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I came across the proof of Noether's Theorem in David Tong's notes (page 14) on QFT. He writes something like,

We say that the transformation $$\delta\phi(x) = \chi (\phi) \tag{1.34}$$ is a symmetry if the Lagrangian changes by a total derivative $$ \delta \mathcal{L} = \partial_{\mu}F^{\mu}\tag{1.35}$$ for some set of functions $F^\mu(\phi)$.

What is the intuition behind calling that a symmetry? (I do follow the math of how we get a current vanishing after we take its derivative)

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Recall that on-shell the Lagrangian density ${\cal L}$ changes by a total divergence term$^1$ $$ \delta{\cal L}~\approx~d_{\mu} j^{\mu},\tag{A}$$ where $$j^{\mu}~:=~\frac{\partial {\cal L}}{\partial (\partial_{\mu}\phi)}\delta_0\phi+{\cal L}\delta x^{\mu}\tag{B}$$ is the bare Noether current. The intuition is that on-shell there cannot be any bulk term on the RHS of eq. (A), only a boundary term. Therefore if the infinitesimal transformation $\delta$ is only a quasi-symmetry [rather than a strict symmetry] of the Lagrangian density [that is: Tong's off-shell eq. (1.35) is satisfied], then we can still obtain an on-shell continuity equation $$ d_{\mu} J^{\mu}~\stackrel{(D)}{=}~d_{\mu} (j^{\mu}- F^{\mu})~=~d_{\mu} j^{\mu}-d_{\mu} F^{\mu} ~\stackrel{(A)+(1.35)}{\approx}~\delta{\cal L}-\delta{\cal L}~=~0 \tag{C} $$ by defining the following full Noether current $$ J^{\mu}~:=~j^{\mu}-F^{\mu}.\tag{D}$$ In other words, we can always compensate for not having a strict symmetry.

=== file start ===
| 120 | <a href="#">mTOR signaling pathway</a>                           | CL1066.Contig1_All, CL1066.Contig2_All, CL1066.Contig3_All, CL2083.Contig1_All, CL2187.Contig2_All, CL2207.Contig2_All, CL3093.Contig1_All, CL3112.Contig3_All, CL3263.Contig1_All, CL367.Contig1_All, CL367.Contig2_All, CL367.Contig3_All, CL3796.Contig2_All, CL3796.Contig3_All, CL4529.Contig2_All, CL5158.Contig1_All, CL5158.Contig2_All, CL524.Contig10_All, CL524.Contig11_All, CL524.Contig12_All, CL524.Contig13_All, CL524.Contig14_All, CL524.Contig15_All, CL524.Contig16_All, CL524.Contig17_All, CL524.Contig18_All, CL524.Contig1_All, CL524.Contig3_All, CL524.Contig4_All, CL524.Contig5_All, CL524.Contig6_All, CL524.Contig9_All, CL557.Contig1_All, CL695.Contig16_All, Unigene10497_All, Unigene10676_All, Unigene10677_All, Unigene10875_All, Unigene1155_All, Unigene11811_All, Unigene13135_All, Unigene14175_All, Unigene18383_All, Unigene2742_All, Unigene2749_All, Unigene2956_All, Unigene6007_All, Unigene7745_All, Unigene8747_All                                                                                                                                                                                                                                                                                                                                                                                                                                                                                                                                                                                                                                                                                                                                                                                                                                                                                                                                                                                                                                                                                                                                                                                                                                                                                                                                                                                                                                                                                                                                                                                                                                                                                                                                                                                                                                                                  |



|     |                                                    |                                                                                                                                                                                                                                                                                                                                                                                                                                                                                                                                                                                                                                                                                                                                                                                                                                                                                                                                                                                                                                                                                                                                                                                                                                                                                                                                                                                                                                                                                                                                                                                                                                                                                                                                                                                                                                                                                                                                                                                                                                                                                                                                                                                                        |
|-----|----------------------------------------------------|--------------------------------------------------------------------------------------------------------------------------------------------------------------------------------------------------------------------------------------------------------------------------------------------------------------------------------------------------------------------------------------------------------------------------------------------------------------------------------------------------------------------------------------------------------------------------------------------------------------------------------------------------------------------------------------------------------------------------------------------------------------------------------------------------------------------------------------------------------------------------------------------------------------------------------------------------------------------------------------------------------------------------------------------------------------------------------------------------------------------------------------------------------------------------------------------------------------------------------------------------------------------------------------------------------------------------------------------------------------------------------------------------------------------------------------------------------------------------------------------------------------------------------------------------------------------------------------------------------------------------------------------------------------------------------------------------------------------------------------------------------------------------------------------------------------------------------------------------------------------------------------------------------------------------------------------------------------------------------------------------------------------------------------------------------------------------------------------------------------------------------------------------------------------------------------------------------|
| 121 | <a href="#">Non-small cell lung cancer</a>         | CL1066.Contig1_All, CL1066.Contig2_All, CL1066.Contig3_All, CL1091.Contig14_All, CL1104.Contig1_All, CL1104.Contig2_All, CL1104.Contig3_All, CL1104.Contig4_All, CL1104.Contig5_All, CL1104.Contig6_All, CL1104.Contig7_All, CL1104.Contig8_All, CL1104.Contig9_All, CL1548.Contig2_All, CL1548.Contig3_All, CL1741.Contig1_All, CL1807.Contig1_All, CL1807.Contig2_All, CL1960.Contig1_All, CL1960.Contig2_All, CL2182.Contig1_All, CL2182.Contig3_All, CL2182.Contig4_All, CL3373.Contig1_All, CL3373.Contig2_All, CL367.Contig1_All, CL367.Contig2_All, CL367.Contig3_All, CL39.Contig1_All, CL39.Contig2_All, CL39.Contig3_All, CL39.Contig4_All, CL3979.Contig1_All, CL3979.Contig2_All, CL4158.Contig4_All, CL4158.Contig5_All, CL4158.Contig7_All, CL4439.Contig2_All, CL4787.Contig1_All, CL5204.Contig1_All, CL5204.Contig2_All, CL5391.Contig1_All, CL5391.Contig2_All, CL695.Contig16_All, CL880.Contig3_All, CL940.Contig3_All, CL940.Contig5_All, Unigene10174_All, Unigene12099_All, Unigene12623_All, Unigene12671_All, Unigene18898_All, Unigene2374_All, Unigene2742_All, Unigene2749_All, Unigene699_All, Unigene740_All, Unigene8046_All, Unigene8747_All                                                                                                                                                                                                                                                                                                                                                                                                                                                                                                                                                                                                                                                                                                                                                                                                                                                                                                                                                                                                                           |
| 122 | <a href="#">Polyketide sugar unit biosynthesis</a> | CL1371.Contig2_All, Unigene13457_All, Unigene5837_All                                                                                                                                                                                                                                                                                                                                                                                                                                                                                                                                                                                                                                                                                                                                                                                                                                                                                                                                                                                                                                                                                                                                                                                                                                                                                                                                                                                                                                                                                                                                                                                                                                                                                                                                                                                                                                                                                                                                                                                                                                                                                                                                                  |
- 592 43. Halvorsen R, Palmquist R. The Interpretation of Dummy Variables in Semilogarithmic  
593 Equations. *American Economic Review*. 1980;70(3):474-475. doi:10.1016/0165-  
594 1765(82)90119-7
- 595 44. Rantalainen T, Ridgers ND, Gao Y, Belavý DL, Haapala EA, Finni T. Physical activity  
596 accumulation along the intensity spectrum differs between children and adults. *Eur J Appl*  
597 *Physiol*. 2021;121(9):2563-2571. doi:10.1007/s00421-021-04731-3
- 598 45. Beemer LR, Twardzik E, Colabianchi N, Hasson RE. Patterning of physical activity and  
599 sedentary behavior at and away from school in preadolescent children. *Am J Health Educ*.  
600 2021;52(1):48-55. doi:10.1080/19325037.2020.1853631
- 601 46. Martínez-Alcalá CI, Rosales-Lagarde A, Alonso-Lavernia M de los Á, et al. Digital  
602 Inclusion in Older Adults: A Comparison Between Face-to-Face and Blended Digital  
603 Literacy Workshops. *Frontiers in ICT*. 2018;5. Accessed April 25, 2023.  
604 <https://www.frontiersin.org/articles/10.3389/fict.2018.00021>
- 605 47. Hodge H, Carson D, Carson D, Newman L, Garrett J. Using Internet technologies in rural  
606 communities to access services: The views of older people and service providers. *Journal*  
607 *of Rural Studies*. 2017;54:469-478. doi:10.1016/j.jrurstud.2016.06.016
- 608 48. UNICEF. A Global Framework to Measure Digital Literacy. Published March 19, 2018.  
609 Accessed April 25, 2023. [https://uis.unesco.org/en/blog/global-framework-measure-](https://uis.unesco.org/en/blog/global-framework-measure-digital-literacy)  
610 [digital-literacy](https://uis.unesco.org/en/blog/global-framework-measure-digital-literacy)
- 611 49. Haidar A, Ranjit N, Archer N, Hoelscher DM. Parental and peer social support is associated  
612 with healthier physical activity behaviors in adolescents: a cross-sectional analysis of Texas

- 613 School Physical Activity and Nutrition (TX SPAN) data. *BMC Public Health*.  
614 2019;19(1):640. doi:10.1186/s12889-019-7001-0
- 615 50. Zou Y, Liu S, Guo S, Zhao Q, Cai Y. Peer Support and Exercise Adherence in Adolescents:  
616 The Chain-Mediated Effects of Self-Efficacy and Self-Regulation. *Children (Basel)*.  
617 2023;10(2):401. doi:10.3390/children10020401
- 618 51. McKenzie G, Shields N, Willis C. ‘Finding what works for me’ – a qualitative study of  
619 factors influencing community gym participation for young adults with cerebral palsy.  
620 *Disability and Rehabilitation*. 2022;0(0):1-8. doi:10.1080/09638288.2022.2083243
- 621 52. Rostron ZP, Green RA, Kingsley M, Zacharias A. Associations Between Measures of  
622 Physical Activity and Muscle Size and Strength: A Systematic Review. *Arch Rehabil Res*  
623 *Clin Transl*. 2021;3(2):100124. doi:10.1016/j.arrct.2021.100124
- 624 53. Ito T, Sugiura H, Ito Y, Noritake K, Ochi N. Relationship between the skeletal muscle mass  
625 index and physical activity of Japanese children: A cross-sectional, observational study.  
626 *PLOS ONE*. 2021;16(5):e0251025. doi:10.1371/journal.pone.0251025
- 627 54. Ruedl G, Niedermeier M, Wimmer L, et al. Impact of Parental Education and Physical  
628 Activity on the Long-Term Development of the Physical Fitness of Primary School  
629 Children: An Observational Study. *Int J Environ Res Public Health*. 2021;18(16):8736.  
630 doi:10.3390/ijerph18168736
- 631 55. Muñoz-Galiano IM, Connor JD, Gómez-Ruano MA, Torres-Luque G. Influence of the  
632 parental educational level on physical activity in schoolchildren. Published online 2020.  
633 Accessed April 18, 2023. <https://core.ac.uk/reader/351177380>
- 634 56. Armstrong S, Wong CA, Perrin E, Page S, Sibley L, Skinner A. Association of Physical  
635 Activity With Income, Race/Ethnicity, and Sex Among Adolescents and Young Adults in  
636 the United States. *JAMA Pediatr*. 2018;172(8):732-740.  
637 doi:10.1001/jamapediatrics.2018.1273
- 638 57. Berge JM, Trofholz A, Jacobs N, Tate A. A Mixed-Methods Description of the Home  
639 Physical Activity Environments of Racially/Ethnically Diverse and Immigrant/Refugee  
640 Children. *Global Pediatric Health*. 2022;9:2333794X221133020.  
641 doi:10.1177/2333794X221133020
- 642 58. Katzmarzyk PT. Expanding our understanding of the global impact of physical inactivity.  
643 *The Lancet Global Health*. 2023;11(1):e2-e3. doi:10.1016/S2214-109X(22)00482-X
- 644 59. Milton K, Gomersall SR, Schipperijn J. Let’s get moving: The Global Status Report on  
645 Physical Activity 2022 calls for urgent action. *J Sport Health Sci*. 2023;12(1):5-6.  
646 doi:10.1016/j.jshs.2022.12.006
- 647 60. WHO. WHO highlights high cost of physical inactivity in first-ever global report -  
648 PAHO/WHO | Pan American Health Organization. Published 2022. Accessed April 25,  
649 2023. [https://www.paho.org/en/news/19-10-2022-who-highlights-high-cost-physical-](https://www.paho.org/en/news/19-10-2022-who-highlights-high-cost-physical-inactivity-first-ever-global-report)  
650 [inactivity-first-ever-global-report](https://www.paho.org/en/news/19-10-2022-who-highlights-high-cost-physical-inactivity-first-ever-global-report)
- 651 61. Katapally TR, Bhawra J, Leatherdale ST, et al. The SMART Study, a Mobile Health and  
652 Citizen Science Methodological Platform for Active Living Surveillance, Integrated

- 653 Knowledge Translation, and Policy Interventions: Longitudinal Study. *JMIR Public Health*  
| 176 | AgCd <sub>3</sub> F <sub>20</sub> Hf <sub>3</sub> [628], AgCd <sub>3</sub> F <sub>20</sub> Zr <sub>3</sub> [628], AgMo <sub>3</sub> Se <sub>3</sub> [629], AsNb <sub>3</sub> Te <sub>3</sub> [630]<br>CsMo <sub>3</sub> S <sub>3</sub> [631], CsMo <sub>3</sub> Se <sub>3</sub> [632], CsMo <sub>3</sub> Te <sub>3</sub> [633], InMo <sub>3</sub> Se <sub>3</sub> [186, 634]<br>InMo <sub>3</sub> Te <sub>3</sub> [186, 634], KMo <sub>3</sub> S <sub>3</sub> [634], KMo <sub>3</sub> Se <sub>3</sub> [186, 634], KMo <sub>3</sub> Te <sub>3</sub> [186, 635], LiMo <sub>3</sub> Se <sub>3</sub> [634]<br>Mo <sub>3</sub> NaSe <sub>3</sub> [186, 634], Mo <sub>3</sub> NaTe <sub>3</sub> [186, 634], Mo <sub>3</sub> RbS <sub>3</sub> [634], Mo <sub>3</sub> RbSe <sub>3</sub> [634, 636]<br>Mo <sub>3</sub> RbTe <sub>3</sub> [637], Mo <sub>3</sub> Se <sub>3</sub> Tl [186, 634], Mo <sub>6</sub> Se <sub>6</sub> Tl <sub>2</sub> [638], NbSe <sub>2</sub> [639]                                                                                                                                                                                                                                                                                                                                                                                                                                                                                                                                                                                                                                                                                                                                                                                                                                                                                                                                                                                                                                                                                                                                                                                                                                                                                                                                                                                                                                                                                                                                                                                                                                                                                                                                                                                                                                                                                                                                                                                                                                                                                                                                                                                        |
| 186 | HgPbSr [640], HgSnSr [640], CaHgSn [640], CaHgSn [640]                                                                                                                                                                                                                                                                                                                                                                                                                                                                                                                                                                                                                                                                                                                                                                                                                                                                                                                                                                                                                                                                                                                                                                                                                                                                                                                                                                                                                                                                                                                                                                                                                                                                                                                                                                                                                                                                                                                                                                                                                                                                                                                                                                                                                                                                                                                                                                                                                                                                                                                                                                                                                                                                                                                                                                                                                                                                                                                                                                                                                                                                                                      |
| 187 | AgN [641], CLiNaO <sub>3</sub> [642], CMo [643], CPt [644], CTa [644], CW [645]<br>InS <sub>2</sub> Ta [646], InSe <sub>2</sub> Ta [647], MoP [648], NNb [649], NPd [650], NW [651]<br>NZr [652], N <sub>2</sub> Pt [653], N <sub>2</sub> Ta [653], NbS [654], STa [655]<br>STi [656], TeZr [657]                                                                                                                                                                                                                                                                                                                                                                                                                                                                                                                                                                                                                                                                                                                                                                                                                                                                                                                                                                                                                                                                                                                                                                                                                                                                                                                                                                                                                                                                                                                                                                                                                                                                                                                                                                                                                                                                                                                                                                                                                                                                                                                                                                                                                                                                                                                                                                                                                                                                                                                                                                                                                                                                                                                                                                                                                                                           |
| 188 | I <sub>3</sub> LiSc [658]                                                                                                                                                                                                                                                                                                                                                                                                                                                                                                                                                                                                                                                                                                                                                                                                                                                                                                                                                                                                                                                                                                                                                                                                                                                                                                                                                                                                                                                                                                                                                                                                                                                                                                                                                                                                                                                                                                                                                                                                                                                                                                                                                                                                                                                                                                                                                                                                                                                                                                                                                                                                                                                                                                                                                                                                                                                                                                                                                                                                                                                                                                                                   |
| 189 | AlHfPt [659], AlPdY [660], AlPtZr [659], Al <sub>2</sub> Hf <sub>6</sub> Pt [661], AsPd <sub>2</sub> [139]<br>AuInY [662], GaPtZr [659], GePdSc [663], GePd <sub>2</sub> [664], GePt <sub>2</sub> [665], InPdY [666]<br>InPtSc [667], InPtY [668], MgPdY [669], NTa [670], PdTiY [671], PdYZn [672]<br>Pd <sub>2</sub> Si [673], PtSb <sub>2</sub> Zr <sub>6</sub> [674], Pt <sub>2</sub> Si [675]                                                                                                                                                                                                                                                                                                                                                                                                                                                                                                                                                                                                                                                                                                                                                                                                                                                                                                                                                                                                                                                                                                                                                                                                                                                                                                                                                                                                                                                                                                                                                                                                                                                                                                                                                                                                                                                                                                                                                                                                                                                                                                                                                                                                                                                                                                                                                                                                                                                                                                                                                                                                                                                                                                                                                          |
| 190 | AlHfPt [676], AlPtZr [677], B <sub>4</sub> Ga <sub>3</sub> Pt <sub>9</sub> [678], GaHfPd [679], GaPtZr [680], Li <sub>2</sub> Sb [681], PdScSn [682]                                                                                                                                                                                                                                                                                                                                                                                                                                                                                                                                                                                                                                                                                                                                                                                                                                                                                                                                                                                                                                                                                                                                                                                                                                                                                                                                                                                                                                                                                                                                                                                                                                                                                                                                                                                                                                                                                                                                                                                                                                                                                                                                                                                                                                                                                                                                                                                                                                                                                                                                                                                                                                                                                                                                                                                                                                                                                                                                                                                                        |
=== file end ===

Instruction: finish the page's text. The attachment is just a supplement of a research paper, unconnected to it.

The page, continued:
The conserved full Noether charge is then defined as $$Q(t)~:=~\int_V\! d^3x~ J^0(x,t) \tag{E}$$ by a standard argument.

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$^1$ The $\approx$ sign means here equality modulo the Euler-Lagrange (EL) equations, i.e. on-shell.

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